Dogs love to go for walks, to experience all of the scents and sounds, the fresh air, and the exercise is wonderful! On the other hand, most dogs will need to be taught not to pull on their leashes and give their owners a tough time. Are you having trouble walking your pooch?
You’re going to want to make sure your pup knows the ‘sit’ and ‘recall’ commands for this method.
Simply begin walking, your dog attached to a 4-6 foot lead. In most cases, your pooch will begin to pull once the end of the lead is reached; if this happens, simply stop the walk! Don’t move, wait until your pup stops pulling, and call him back to you. As he returns to your side, have him sit, rewarding this with a treat.
Repeat this process every time your pup pulls; eventually, he/she will learn the walk stops when he pulls! He’ll realize pulling gets him nowhere. The reason you are giving him outweighs his desire to pull ahead.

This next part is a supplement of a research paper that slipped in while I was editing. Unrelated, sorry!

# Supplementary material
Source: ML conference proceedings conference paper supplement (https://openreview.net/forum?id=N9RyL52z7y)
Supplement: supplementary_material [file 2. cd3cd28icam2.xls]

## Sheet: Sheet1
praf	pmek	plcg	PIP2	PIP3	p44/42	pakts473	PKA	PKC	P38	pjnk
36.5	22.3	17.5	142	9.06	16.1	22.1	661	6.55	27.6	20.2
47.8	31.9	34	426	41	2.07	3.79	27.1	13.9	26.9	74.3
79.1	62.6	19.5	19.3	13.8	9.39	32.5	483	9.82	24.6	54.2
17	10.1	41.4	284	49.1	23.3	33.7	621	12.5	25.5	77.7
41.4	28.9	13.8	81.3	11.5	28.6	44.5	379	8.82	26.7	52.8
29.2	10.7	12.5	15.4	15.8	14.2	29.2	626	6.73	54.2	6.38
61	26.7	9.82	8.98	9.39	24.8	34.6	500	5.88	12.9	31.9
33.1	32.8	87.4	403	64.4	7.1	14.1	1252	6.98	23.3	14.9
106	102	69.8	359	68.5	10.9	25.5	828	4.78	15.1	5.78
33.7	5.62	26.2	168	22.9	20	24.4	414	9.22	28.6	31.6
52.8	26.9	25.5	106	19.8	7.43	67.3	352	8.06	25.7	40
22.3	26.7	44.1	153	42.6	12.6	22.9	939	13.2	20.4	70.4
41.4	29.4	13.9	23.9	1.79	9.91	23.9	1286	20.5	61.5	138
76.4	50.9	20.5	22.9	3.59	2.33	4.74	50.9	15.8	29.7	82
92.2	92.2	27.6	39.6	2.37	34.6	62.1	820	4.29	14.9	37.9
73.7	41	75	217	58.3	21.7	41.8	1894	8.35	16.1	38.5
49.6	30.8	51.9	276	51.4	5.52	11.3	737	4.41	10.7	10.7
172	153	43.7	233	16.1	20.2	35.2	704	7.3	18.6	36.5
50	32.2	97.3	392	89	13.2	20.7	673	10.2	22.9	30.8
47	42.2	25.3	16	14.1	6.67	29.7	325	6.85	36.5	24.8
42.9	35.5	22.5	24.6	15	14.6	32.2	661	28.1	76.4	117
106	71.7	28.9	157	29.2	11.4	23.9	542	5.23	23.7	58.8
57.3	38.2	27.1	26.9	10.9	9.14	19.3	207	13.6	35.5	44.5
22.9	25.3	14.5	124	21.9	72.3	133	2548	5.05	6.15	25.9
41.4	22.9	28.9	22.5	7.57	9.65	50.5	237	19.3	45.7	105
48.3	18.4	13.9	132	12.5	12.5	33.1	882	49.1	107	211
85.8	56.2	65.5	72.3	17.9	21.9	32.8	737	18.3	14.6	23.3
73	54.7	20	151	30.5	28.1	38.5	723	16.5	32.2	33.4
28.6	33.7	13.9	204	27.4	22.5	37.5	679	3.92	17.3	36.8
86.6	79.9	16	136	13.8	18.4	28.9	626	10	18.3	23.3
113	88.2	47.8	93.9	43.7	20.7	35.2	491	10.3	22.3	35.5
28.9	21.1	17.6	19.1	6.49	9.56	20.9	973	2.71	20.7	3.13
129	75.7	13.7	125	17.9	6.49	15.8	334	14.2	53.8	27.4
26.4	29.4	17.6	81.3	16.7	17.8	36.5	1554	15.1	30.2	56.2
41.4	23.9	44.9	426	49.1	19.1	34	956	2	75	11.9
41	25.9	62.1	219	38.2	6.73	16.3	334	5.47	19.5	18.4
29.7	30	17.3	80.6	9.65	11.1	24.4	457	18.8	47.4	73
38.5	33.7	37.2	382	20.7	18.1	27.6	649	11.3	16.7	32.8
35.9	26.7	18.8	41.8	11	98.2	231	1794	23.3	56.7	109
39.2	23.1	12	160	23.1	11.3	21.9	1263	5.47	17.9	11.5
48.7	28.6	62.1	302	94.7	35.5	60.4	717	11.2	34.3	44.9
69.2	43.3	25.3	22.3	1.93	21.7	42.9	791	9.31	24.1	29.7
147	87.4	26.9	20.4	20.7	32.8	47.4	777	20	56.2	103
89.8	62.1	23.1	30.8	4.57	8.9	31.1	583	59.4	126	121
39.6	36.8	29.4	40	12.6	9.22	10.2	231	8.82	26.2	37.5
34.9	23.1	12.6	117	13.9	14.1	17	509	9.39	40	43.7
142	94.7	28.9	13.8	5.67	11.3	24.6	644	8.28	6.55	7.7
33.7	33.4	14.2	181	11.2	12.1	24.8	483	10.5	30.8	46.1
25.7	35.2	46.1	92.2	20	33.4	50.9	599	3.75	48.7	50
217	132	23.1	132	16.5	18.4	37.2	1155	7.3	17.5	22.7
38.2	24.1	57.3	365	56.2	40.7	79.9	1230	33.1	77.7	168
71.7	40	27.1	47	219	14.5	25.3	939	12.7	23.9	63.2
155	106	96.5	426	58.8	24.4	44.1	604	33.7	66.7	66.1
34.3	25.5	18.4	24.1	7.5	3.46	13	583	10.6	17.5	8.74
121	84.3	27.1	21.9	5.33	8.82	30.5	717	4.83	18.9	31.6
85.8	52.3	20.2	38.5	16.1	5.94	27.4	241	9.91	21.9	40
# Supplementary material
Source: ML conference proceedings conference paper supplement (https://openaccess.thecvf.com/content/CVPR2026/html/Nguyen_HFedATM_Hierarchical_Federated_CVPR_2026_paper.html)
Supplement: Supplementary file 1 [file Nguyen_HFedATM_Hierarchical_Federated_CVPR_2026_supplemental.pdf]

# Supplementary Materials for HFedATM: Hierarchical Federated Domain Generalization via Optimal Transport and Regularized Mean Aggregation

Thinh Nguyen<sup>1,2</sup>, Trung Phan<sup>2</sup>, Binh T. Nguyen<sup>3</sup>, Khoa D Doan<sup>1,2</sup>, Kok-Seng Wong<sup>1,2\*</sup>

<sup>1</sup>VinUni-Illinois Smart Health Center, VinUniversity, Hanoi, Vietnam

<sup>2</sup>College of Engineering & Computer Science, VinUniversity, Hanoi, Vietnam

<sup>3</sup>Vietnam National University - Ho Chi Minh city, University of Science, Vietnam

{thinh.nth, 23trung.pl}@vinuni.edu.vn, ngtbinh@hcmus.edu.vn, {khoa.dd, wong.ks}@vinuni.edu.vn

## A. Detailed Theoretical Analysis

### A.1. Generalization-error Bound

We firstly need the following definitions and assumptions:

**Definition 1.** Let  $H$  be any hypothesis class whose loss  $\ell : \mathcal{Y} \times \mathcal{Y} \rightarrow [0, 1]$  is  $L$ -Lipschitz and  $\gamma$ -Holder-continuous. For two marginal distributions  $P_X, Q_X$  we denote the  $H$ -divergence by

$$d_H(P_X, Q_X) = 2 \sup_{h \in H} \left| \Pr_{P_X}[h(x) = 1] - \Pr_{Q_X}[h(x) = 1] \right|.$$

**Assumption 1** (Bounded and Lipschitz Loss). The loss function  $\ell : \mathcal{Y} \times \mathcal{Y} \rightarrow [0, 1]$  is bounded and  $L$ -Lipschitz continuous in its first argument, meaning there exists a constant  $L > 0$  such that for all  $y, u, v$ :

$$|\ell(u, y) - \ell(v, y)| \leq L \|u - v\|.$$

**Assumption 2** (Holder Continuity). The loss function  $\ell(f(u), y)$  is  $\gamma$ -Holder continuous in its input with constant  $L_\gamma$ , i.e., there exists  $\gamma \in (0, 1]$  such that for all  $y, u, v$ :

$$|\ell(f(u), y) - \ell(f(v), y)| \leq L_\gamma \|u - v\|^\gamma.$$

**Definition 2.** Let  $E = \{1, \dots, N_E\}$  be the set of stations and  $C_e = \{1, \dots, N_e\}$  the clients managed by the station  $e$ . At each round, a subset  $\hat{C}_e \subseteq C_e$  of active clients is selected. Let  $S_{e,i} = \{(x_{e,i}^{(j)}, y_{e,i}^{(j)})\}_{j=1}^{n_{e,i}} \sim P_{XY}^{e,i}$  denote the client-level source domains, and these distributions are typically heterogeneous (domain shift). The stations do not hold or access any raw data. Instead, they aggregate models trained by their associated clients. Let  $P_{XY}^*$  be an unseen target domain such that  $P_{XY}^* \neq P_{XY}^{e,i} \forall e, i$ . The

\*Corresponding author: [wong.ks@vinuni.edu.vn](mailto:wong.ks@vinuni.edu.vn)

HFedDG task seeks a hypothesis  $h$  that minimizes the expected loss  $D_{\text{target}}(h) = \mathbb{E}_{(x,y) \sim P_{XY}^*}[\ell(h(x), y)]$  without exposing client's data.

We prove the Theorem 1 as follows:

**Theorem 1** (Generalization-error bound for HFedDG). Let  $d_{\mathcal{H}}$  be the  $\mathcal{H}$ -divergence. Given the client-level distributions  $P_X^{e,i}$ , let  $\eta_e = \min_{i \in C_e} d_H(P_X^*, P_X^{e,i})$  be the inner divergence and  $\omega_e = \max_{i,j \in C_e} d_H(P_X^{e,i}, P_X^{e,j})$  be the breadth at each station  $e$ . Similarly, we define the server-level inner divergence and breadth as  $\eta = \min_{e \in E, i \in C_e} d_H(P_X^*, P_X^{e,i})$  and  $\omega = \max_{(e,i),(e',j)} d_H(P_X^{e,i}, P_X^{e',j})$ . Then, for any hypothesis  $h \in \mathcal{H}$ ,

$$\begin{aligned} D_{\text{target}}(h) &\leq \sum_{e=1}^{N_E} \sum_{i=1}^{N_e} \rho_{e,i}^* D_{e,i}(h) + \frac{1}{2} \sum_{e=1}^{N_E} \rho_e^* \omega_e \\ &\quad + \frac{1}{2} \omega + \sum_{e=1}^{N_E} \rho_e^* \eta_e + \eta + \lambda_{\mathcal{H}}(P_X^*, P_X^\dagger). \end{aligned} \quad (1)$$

After all, you’re pup will ultimately want the walk to continue!
Careful, however; your dog might catch on to you; you don’t want them believing they will be rewarded if they first pull the leash, then return to your side (in that order). Don’t think they are that smart? Think again; if you condition them this way (perhaps not with all breeds), they will.
You’ll need a waist pouch full of treats for this one, preferably small ‘training’ rewards.
You’re going to want to start out the exact same way as the first training method, but ‘pop’ a treat with every step you take (hand a treat to your dog)! This may sound a bit like overkill; don’t worry- you’re going to want to slowly decrease the frequency of treats over time. For example, a treat a step for the first couple walks, then perhaps one every three steps, then one every five steps (you get the idea).
Not only does this keep your dog’s attention squarely fixed on you, eliminating the possibility for distractions, this technique is so successful professional show dog trainers use it!
With these first two methods, distraction is our enemy. You need to find a way to eliminate distractions, or limit them, as much as possible. In some cases, as with city-walking, this might not be possible; so try to make the reward seem more interesting than the distraction! Add praise!
Note: Dogs naturally walk faster than humans, and aren’t accustomed to slowing down. Training will take time and patience, but you’ll reap the rewards in the end!